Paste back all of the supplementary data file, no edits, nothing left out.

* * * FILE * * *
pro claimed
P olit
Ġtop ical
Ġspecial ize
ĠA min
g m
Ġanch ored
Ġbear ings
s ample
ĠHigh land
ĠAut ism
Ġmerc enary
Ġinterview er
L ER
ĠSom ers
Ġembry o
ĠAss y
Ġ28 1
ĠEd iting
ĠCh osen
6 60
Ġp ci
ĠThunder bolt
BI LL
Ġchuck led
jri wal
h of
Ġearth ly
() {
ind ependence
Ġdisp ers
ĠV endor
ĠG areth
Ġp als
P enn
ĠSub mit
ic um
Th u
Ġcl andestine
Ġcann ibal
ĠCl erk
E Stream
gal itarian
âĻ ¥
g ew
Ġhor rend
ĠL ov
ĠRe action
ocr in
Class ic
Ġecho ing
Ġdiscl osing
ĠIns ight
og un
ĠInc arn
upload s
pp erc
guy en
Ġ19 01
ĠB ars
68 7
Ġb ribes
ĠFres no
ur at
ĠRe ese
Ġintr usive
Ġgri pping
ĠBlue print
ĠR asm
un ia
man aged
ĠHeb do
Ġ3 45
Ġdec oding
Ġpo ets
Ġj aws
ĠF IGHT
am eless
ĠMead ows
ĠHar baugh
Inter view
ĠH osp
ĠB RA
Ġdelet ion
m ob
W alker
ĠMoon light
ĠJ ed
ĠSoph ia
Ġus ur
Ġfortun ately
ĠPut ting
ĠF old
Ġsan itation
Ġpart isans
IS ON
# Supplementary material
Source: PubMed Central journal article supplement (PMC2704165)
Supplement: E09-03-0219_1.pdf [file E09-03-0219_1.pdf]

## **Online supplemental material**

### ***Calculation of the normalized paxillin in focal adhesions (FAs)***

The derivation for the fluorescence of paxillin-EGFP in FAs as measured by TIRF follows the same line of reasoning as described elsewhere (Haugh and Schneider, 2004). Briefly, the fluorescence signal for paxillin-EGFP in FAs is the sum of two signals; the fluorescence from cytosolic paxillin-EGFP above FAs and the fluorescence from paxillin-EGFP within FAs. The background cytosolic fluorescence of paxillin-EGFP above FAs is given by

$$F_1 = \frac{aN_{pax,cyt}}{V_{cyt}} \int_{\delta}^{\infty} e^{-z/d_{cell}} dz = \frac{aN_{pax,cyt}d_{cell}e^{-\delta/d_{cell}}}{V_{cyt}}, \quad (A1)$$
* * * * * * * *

pro claimed
P olit
Ġtop ical
Ġspecial ize
ĠA min
g m
Ġanch ored
Ġbear ings
s ample
ĠHigh land
ĠAut ism
Ġmerc enary
Ġinterview er
L ER
ĠSom ers
Ġembry o
ĠAss y
Ġ28 1
ĠEd iting
ĠCh osen
6 60
Ġp ci
ĠThunder bolt
BI LL
Ġchuck led
jri wal
h of
Ġearth ly
() {
ind ependence
Ġdisp ers
ĠV endor
ĠG areth
Ġp als
P enn
ĠSub mit
ic um
Th u
Ġcl andestine
Ġcann ibal
ĠCl erk
E Stream
gal itarian
âĻ ¥
g ew
Ġhor rend
ĠL ov
ĠRe action
ocr in
Class ic
Ġecho ing
Ġdiscl osing
ĠIns ight
og un
ĠInc arn
upload s
pp erc
guy en
Ġ19 01
ĠB ars
68 7
Ġb ribes
ĠFres no
ur at
ĠRe ese
Ġintr usive
Ġgri pping
ĠBlue print
ĠR asm
un ia
man aged
ĠHeb do
Ġ3 45
Ġdec oding
Ġpo ets
Ġj aws
ĠF IGHT
am eless
ĠMead ows
ĠHar baugh
Inter view
ĠH osp
ĠB RA
Ġdelet ion
m ob
W alker
ĠMoon light
ĠJ ed
ĠSoph ia
Ġus ur
Ġfortun ately
ĠPut ting
ĠF old
Ġsan itation
Ġpart isans
IS ON
# Supplementary material
Source: PubMed Central journal article supplement (PMC2704165)
Supplement: E09-03-0219_1.pdf [file E09-03-0219_1.pdf]

## **Online supplemental material**

### ***Calculation of the normalized paxillin in focal adhesions (FAs)***

The derivation for the fluorescence of paxillin-EGFP in FAs as measured by TIRF follows the same line of reasoning as described elsewhere (Haugh and Schneider, 2004). Briefly, the fluorescence signal for paxillin-EGFP in FAs is the sum of two signals; the fluorescence from cytosolic paxillin-EGFP above FAs and the fluorescence from paxillin-EGFP within FAs. The background cytosolic fluorescence of paxillin-EGFP above FAs is given by

$$F_1 = \frac{aN_{pax,cyt}}{V_{cyt}} \int_{\delta}^{\infty} e^{-z/d_{cell}} dz = \frac{aN_{pax,cyt}d_{cell}e^{-\delta/d_{cell}}}{V_{cyt}}, \quad (A1)$$